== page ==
What’s your why? PDF Print E-mail
News - Final Word
Tuesday, 24 November 2015 20:28
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“He who has a why to live can bear almost any how.”

So said philosopher Friedrich Nietzsche, born in 1844. From the earliest philosophers to latter-day visionaries, the pursuit of purpose remains never-ending. We all want to know why. Why now? Why is it important? Is there a plan and if so, where do I fit in?

Discovering people’s ‘why’ is the mission of co-founders Ridgely Goldsborough and Gary Sanchez of ‘The Why Engine’, a marketing and messaging programme.

Ridgely is an American marketing expert and I suspect the plan was initially to get companies to discover their ‘why’. The programme took off and also resulted in a book in which individuals and families started discovering their ‘why’.

It’s like this: You fall victim to your circumstances if you don’t know your ‘why’. You never define life on your own terms; you react instead of act; you merely go through your daily motions instead of understanding what really motivates you. If you don’t know why you act in certain ways, it’s as if you go through life sleepwalking. Whereas, when what you do aligns with why you do it, you have zeal.

There’s a definite ‘why’ behind acting the way you act, thinking the way you think, dressing the way you dress and speaking the way you speak. When you understand your ‘why’ and learn how to show it to others, there probably won’t be any false expectations in relationships. If you start a business and use your ‘why’ to put together teams and create slogans that reflect your ‘why’, you will attract the kind of customers you’ve been dreaming about.

‘The Why Engine’ declares that there are nine different ‘whys’ with an unlimited number of ‘hows’. A ‘how’ is the way you can express your ‘why’. Here are the nine ‘whys’ with examples of famous people who have those ‘whys’ as their defining feature:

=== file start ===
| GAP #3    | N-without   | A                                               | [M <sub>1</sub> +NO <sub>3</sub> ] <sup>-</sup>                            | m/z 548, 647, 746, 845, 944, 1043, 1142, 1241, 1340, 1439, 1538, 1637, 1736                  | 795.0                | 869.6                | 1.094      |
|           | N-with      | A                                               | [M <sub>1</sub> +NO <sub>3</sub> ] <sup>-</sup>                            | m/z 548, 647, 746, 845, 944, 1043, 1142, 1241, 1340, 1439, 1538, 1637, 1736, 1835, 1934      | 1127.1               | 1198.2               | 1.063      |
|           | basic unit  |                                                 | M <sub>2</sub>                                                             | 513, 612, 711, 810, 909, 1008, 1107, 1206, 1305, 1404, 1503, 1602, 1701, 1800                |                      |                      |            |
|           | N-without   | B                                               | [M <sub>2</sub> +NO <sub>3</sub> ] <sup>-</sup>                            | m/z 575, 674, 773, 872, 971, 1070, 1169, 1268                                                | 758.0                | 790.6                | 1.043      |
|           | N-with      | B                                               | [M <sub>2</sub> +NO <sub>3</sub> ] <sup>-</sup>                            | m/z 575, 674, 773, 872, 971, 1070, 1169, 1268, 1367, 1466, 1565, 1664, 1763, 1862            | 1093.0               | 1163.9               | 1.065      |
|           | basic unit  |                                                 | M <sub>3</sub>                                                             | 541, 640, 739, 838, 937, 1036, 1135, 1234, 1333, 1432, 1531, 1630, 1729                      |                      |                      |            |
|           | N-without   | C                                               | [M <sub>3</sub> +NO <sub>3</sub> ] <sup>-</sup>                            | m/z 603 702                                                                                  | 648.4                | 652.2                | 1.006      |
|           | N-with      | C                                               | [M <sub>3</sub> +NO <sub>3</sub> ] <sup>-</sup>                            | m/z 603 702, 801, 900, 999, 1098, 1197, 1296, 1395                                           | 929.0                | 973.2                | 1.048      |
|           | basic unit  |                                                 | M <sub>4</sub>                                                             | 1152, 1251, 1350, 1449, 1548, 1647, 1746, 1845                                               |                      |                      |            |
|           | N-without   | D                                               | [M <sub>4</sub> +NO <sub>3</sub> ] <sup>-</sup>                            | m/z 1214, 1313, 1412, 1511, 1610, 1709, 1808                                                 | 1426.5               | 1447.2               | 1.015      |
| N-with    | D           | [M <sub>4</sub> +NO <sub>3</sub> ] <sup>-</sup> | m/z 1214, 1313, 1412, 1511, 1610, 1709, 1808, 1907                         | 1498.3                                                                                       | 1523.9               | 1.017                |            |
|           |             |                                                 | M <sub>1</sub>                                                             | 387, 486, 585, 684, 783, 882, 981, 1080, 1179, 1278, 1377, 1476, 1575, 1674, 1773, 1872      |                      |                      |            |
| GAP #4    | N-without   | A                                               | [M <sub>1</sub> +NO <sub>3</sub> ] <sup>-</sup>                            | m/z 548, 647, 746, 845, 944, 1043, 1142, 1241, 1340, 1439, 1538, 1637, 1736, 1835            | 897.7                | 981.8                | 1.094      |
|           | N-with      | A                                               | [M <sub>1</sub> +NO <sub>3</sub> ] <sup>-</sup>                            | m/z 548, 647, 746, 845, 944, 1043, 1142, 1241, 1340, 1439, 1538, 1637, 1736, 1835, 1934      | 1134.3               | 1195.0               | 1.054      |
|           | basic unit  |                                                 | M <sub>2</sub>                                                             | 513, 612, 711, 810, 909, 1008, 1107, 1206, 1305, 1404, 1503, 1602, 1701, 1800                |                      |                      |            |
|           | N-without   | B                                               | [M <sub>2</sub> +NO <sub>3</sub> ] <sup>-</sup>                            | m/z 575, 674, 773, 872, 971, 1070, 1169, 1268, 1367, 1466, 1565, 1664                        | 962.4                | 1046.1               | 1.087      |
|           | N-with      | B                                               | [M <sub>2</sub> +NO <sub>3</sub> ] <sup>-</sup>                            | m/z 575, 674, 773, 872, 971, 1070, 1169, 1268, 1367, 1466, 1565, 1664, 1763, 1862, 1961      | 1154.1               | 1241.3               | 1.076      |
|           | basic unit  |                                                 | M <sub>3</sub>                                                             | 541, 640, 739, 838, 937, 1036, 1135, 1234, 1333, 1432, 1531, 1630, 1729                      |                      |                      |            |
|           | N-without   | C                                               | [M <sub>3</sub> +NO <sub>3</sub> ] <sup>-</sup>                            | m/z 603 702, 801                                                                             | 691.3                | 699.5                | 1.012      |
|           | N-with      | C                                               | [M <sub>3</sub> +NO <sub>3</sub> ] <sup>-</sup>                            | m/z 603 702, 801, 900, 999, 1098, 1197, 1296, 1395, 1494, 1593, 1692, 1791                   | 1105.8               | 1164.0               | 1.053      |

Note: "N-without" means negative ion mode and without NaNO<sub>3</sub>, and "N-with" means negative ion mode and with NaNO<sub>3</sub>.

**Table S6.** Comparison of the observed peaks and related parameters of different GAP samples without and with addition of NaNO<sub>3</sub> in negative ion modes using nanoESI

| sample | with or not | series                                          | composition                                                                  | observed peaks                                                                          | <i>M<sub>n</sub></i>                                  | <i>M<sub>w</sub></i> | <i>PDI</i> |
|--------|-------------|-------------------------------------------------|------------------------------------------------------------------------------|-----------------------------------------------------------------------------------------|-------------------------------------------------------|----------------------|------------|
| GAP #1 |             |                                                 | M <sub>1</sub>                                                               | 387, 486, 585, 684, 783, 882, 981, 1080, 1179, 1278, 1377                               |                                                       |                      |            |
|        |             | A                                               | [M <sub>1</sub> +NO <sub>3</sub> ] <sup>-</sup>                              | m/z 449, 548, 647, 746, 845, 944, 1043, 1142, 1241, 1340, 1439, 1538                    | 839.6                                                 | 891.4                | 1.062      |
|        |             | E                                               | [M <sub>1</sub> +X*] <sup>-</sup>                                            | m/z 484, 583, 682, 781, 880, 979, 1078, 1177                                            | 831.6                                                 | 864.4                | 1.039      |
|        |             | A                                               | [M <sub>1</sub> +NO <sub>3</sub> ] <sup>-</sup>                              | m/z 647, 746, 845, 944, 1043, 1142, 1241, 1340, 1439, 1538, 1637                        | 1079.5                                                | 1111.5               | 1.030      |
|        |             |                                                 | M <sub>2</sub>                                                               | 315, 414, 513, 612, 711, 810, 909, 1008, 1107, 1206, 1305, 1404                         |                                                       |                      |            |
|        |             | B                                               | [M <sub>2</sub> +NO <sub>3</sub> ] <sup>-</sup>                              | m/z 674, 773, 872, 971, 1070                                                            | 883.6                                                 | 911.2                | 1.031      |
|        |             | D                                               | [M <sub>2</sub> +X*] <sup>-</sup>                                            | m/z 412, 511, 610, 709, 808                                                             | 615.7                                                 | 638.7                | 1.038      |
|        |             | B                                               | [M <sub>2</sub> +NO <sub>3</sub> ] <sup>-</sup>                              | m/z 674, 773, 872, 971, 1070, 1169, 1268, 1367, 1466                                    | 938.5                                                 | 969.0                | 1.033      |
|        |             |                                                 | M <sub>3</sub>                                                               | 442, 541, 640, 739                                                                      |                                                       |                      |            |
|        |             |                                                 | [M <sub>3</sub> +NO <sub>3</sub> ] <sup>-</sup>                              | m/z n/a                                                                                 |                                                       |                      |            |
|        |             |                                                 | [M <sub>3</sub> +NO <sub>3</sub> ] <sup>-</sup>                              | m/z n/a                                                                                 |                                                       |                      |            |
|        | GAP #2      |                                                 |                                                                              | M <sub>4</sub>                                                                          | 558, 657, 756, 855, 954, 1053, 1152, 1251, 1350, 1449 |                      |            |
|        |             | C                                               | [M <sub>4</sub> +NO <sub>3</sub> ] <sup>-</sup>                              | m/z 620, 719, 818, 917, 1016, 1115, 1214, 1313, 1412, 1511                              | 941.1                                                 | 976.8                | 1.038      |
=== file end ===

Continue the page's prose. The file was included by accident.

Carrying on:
1. To contribute to a greater cause, add value or make a difference: Mahatma Gandhi, Mother Theresa, Michael J Fox and Jim Rohn.
  2. To build trust or create relationships based on trust: Goethe, Elton John, Stephen Covey and Sam/Frodo/Merry.
  3. To make sense out of things, especially if complicated or complex: Alan Watts, Benjamin Franklin and Henry Cisneros.
  4. To find a better way: Elon Musk, Isabel Allende, Bela Karolyi and Ross Perot.
  5. To do things right or the right way: Henry Ford, John Wooden, Eleanor Roosevelt and W Clement Stone.
  6. To think differently and challenge the status quo: Steve Jobs, Herb Kelleher, Sara Ramirez and George Carlin.
  7. To master things or seek knowledge: Albert Einstein, Stephen Hawking and Michelangelo.
  8. To clarify, create clarity and understanding: Robert Frost, Vincent Van Gogh and Ludwig Wittgenstein.
  9. To simplify: Confucius, Joan Miro, Peace Pilgrim and Henry David Thoreau.

So, girlfriend, what’s your number? I’ve really been pondering this. With this ‘why’ knowledge in mind, for the first time I can look back on my life and see a pattern. I can understand why I went to alternative clubs, instead of trying to fit in with the mainstream crowd.

I can comprehend why I chose to do promotional work for an alternative health company, instead of the allopathic ones. I also understand why I did a publication for a computer company that didn’t go the IBM-clone route in the early nineties.

So, I guess I must predominantly be a number six. ‘The Why Engine’ names the example of Apple. Their tagline is ‘Think differently’. That is their organisational ‘why’, not their ‘what’.

But, thinking differently is not an end in itself. So what if you sit somewhere on an island thinking differently? I want to do it to make a difference, so I guess there’s a lot of number one in my ‘why’ as well. Still, Mahatma Gandhi and Mother Theresa and I? Weird thought.

I guess it’s like Walt Whitman says in ‘Song of myself’. He starts of by saying “I celebrate myself, and sing myself” and then later gets to: “Do I contradict myself? Very well, then I contradict myself, I am large, I contain multitudes.”

In ‘Night train to Lisbon’ Pascal Mercier asks: “Given that we can live only a small part of what there is in us – what happens with the rest?”

“We are all patchwork, and so shapeless and diverse in composition that each bit, each moment, plays its own game. And there is as much difference between us and ourselves as between us and others.”

 

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